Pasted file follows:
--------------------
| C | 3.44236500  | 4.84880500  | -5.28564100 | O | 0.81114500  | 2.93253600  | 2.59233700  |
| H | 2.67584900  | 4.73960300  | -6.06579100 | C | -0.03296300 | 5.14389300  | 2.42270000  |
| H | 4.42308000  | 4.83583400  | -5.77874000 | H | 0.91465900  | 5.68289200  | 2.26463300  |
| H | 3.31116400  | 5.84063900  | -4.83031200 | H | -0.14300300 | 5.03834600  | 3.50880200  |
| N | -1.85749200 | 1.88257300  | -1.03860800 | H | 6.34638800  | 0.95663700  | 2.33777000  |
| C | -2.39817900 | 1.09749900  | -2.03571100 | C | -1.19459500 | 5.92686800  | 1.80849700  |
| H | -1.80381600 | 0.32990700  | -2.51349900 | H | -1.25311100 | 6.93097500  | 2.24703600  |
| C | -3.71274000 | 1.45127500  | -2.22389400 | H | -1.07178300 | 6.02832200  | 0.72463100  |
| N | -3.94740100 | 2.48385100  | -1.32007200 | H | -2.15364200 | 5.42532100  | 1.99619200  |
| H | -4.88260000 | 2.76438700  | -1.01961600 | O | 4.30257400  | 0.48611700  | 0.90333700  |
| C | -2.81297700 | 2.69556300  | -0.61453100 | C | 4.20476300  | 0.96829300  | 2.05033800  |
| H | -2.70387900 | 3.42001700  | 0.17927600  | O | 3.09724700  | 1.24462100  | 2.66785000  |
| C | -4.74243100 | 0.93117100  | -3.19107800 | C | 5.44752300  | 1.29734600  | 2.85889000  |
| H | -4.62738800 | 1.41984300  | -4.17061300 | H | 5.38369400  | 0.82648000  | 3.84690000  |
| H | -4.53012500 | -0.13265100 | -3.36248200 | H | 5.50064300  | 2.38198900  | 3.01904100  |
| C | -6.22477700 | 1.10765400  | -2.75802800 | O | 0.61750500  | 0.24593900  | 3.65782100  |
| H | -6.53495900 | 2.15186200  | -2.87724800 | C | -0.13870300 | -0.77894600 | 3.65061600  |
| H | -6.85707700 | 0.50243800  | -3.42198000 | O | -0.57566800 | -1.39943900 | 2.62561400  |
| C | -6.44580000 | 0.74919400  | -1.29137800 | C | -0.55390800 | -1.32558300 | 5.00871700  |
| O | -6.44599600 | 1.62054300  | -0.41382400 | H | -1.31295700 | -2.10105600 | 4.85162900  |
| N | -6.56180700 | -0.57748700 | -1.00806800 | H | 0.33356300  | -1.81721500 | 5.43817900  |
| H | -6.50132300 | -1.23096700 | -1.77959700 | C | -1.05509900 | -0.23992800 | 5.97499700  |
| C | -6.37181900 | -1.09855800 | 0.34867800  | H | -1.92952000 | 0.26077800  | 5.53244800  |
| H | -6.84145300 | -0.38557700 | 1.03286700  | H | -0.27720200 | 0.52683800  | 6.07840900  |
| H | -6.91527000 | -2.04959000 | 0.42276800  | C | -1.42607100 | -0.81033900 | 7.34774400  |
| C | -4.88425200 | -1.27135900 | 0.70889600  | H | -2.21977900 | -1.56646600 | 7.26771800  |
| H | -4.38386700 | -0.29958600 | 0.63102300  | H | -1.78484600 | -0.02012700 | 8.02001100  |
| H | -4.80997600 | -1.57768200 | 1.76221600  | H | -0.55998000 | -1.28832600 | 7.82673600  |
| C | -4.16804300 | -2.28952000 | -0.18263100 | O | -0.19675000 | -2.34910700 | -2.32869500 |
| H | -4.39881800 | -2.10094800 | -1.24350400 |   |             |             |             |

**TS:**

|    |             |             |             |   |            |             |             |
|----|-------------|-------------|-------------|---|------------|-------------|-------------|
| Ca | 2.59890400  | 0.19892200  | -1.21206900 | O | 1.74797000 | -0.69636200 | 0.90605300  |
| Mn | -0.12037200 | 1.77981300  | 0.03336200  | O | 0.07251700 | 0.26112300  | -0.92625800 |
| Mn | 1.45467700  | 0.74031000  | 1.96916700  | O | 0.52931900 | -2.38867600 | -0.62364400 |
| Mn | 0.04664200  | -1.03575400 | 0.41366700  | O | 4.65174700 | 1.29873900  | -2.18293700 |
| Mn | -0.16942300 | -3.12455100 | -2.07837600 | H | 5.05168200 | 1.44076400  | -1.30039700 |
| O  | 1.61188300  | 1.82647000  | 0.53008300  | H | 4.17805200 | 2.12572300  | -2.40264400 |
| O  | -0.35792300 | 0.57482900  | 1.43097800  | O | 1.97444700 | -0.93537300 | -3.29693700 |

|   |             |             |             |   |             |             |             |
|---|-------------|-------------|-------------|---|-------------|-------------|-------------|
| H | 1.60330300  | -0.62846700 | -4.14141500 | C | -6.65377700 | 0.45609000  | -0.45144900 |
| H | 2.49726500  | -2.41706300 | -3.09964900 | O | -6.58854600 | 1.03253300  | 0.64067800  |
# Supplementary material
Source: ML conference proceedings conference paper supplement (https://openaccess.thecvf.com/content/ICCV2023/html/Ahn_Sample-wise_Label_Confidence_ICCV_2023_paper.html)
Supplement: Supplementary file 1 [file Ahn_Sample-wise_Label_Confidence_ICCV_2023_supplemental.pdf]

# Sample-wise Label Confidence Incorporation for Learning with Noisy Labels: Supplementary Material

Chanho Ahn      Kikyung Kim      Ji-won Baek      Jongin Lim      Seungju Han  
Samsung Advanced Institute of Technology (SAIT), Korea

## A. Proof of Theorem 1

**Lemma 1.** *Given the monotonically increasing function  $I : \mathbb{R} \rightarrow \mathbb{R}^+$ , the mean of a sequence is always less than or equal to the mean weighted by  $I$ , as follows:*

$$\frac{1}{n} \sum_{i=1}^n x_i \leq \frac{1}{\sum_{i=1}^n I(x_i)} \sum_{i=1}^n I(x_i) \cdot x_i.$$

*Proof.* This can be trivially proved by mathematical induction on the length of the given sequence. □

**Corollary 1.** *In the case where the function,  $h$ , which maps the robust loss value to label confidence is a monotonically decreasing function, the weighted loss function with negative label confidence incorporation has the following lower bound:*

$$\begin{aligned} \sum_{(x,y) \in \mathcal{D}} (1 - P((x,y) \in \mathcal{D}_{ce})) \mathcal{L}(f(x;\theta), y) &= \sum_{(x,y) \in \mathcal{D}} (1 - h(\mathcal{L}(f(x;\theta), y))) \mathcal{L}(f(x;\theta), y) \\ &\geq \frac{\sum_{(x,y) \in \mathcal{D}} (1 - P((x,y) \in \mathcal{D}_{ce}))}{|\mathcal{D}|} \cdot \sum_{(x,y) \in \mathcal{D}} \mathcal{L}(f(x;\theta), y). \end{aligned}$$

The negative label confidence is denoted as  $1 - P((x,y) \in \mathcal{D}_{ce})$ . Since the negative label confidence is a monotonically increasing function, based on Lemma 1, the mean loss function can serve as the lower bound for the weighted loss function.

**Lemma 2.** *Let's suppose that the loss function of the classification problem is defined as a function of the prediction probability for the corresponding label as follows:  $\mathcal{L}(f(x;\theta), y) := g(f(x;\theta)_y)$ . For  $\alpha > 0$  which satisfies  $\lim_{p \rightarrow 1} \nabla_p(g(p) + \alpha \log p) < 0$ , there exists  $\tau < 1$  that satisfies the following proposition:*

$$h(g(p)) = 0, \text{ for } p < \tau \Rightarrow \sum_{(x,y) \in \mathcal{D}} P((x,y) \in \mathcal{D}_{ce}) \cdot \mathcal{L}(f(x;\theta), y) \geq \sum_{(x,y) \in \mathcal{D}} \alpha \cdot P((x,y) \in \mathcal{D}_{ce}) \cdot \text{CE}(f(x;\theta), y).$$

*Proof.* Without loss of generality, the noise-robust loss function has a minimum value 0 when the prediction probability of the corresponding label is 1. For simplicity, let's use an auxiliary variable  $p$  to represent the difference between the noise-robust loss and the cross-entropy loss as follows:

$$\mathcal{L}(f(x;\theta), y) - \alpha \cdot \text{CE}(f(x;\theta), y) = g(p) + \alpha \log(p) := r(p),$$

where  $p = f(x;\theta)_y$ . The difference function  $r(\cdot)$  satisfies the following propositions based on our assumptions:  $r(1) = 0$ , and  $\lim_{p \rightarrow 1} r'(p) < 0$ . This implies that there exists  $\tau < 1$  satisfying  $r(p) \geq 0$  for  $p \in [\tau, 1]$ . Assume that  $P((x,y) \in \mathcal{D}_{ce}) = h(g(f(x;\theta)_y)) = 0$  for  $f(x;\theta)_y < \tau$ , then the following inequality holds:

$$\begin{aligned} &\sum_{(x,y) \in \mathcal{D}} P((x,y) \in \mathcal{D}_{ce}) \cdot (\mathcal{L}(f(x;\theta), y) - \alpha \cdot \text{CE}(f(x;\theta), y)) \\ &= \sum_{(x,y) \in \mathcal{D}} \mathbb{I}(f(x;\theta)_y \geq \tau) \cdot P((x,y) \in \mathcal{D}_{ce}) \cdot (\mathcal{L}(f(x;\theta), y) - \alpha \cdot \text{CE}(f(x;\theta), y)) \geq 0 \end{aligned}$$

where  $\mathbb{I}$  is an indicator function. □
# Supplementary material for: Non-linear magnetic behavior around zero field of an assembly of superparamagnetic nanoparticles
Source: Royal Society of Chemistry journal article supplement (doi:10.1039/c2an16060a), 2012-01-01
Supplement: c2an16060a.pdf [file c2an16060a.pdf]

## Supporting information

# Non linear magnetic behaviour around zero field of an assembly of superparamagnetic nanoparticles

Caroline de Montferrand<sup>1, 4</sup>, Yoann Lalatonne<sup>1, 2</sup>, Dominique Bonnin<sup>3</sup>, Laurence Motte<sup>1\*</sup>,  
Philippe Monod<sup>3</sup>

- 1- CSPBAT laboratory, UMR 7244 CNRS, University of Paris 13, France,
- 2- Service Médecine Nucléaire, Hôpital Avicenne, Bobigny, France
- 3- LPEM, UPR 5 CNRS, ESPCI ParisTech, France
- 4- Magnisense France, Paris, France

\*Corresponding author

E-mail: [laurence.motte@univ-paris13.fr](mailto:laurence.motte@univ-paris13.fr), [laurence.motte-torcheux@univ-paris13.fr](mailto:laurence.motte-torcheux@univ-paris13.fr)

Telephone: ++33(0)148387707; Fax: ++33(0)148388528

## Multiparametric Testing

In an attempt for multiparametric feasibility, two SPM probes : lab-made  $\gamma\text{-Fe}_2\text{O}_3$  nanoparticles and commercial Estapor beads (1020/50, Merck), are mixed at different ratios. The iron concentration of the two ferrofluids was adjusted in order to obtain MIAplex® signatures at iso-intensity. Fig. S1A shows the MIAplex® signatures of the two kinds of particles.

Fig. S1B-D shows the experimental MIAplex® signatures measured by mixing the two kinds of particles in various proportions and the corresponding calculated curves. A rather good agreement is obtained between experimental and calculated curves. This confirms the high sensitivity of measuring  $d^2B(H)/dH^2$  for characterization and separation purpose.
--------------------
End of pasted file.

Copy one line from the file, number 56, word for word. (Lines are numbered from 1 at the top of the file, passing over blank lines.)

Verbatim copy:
$$\begin{aligned} \sum_{(x,y) \in \mathcal{D}} (1 - P((x,y) \in \mathcal{D}_{ce})) \mathcal{L}(f(x;\theta), y) &= \sum_{(x,y) \in \mathcal{D}} (1 - h(\mathcal{L}(f(x;\theta), y))) \mathcal{L}(f(x;\theta), y) \\ &\geq \frac{\sum_{(x,y) \in \mathcal{D}} (1 - P((x,y) \in \mathcal{D}_{ce}))}{|\mathcal{D}|} \cdot \sum_{(x,y) \in \mathcal{D}} \mathcal{L}(f(x;\theta), y). \end{aligned}$$